– JRR Tolkien
Where I’m Rooted
Deep, deep, deeper
Into the silence and the black
Into the solidness of the earth
The churning stillness
Into the place where the seed rests furtive in the ground
Where it holds all the story of the world in a secret, less than a whisper
More like a warmth than a word
-Feb. 2015, journal entry
It is amazing to me, years later, how something within can go unrecognized for so long. For me, it took silence to find the seed of that “something that needed to grow.” This silence came through a practice called mindfulness.
Mindfulness has changed my life, and as with many decisions to begin a life change, this one came because of difficult personal circumstances.
At the time, my marriage was in trouble; I was lonely and felt ineffective at work in my new instructional coaching position; I missed teaching; and my grandmother was very sick and did not have long to live. Grandma was a soul mate of sorts; I even carry on her name, Rose, as a middle name. We were especially close because my son and I had lived with her throughout the college years when I was a single mother.
For a time, I dealt with these situations in the worst way possible: I was incredibly hard on myself, lost sleep, didn’t eat and drank to excess instead, and took up smoking again years after having quit. My family suffered and my work as an instructional coach did as well. It was the first time as an adult when it seemed I “couldn’t hold it together,” at work or at home.
December of 2013, however, I suffered a severe episode of situational depression, prompting me to enter counseling. After responding in very ineffective ways, that month began the transformation. This did not mean that life got easier. In the very difficult year and a half that followed, grandma passed and my marriage almost ended. The struggle with anxiety and depression continued, eventually leading to medication. All these things were realities, but there was a greater reality, too. Something within had been awakened and was emerging. What was once a whisper lost in the wind had become an aching bellow to embrace a new reality being birthed, a new version of myself.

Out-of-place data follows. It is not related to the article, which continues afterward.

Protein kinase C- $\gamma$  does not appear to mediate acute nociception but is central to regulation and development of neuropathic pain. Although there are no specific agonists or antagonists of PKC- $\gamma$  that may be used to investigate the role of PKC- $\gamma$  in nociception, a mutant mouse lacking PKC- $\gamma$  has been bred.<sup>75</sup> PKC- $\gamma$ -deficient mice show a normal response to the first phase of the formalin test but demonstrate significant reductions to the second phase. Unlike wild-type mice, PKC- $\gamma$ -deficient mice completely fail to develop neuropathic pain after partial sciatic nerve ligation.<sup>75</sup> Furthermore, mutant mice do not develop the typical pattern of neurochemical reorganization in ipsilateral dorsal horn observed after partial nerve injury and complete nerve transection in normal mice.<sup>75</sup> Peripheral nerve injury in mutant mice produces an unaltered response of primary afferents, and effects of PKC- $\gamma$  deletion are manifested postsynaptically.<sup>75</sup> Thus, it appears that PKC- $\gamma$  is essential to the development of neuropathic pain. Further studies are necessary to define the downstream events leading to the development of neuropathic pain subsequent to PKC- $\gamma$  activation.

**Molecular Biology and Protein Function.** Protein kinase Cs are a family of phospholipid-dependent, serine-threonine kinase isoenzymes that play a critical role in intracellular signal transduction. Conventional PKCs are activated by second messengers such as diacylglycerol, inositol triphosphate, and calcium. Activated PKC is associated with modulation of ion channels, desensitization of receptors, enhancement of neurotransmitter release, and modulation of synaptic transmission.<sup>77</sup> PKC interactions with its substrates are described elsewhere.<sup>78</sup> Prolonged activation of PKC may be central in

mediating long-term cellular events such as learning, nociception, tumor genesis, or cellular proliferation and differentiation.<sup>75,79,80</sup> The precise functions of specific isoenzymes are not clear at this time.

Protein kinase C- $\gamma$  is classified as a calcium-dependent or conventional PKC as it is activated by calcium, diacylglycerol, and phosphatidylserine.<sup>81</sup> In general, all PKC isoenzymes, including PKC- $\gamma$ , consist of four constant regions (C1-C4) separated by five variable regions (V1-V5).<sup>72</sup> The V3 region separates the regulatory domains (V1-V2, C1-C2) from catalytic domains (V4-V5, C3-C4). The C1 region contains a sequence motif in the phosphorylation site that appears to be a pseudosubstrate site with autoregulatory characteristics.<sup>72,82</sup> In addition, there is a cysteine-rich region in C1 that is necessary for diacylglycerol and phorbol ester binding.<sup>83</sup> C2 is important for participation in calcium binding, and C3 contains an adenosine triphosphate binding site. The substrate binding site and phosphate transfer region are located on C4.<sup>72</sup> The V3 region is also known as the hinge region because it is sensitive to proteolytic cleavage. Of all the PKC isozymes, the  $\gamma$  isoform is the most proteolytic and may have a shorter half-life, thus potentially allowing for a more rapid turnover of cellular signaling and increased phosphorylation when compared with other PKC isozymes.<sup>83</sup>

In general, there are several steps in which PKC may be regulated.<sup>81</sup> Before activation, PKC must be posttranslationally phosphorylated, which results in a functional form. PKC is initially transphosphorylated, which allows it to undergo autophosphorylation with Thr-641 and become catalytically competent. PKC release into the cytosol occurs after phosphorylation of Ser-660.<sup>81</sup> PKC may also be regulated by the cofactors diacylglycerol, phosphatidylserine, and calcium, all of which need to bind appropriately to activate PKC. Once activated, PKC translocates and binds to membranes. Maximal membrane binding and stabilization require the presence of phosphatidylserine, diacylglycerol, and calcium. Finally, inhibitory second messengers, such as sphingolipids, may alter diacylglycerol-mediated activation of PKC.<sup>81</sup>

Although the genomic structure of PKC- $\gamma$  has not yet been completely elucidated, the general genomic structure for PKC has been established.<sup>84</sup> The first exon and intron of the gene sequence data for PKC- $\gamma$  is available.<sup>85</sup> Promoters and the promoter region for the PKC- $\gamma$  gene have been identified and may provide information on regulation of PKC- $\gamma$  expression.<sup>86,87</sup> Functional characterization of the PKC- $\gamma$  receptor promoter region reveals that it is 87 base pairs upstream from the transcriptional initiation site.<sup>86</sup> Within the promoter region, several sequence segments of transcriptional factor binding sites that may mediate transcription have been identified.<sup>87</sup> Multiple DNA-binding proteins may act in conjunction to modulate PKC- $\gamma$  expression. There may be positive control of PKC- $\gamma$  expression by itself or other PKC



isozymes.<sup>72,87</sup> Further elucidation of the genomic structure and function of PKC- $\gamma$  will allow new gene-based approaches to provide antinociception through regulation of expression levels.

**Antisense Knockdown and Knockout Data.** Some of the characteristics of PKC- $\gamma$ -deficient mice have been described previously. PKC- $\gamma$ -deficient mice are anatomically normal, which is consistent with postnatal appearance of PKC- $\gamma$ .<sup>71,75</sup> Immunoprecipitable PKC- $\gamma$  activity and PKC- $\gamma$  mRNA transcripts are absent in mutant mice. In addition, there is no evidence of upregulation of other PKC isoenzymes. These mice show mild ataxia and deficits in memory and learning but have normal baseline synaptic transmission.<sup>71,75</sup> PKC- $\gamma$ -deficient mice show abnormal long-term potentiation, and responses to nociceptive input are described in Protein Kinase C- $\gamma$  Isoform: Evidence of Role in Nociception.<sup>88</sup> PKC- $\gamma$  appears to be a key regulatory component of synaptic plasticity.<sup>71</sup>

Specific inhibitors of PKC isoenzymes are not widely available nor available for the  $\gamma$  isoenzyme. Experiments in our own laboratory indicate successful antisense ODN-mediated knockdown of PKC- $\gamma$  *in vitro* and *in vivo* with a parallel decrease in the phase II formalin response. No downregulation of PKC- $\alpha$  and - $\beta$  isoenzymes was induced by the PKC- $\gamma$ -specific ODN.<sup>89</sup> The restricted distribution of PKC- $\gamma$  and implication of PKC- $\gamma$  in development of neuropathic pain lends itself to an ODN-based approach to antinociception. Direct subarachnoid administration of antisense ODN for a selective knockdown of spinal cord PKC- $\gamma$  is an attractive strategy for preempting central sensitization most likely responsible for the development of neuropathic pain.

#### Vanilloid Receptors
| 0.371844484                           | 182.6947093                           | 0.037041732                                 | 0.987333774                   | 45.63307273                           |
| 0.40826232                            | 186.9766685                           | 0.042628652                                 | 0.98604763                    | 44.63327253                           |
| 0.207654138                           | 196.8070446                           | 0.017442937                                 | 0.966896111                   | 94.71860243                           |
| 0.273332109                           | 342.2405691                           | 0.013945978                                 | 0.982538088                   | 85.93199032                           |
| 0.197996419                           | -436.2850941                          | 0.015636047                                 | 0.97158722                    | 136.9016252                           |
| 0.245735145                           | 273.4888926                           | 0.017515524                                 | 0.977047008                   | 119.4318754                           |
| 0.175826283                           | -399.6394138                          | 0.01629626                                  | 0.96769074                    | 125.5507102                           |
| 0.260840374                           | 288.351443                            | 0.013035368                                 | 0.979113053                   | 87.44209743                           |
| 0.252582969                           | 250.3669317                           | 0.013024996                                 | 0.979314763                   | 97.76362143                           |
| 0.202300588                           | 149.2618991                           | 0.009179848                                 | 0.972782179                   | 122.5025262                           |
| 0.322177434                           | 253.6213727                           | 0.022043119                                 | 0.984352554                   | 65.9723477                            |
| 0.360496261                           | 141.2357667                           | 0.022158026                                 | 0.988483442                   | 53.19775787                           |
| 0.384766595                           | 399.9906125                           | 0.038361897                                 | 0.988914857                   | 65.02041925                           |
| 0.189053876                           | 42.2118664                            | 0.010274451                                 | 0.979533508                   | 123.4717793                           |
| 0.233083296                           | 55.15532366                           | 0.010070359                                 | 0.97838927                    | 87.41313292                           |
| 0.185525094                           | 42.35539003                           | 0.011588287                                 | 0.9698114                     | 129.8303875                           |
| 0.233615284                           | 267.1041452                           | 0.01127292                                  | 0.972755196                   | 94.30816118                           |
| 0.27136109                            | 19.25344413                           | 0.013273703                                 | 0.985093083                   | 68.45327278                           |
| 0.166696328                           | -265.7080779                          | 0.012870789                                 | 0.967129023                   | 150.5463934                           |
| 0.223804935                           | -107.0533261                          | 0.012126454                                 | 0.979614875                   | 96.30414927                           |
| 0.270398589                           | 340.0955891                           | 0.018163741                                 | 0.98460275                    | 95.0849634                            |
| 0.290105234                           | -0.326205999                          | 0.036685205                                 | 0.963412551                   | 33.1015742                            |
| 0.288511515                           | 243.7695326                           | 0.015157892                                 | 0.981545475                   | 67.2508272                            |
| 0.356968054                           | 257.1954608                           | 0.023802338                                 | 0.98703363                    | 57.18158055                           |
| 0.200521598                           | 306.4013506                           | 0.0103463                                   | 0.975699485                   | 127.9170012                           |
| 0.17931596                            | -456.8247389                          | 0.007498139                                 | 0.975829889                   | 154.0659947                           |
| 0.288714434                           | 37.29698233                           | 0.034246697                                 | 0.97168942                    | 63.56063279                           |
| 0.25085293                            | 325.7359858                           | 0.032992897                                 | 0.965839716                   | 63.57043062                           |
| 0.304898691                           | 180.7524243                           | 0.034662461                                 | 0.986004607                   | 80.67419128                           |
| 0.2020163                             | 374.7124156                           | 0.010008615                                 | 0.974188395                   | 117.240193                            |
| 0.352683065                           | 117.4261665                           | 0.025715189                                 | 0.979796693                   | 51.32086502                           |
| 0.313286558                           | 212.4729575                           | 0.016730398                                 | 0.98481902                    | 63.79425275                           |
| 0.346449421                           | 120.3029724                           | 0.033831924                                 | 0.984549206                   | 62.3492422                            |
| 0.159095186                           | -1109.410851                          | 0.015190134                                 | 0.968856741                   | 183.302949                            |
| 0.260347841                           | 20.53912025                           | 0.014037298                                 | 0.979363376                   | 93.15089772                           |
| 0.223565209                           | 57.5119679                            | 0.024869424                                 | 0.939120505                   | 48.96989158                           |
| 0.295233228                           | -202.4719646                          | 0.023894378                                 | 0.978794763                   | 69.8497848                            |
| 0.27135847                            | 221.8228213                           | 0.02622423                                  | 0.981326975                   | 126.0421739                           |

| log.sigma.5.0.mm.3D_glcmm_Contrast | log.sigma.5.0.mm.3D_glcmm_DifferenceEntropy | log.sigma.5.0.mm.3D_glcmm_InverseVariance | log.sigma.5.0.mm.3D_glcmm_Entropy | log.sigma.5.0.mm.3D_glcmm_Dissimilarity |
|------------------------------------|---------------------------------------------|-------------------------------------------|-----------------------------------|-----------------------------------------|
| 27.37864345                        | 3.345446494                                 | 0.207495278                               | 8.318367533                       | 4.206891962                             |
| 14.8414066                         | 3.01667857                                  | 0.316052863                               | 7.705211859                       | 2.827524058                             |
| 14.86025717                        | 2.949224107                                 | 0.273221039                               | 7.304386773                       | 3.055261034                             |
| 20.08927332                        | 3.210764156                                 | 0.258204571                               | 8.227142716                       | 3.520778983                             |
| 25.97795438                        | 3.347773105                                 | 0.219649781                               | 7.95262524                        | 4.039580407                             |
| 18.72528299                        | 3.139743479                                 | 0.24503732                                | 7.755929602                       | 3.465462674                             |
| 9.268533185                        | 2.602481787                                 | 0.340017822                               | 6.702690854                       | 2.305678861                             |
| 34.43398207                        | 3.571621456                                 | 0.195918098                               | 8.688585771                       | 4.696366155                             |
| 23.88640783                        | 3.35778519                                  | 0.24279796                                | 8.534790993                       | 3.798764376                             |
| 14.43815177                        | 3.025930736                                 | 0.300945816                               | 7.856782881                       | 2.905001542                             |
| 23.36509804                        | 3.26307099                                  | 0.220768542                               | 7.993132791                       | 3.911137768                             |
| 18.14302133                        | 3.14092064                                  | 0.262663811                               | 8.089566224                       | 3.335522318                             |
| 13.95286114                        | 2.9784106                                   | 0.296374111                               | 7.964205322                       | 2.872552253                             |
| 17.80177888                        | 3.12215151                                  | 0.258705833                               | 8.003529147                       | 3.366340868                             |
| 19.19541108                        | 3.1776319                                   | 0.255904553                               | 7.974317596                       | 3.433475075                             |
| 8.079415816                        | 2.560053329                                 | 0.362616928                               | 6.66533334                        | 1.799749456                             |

Mindfulness became a part of my healing practice on March 5, 2014, about three months after the first wave of depression. At the time, I didn’t even call it mindfulness; it was meditation, with which I had much exposure because of my New Age grandma who had always had her own practice. After nights staying with her as a little girl, mornings were spent playing quietly with the amethysts and crystals on the table of her lavender meditation room as she sat on the floor silently, eyes closed.
At age five her actions seemed unusual. Then and for a long time after, there was no one else like Grandma. Twenty-seven years later, only a year and a half before she died at age 75, her seemingly strange practices were a saving force in my own life.
Meditation is part of the healing way of living I adopted; mindfulness is much more than just meditation, though, which is only a form of practice. Mindfulness is more of a conscious combination of ways of thinking and being that help one be “present” in the moment.
Of all the many helping tools used: yoga, reading of texts from a variety of faith traditions, and therapy, formal mindfulness practice was still the most transformative. It began with ten minutes of silence a day, followed by ten minutes of written reflection via journaling, which has transformed and deepened to an extended daily practice that that goes far beyond the meditation cushion and is part of my minute-to-minute existence.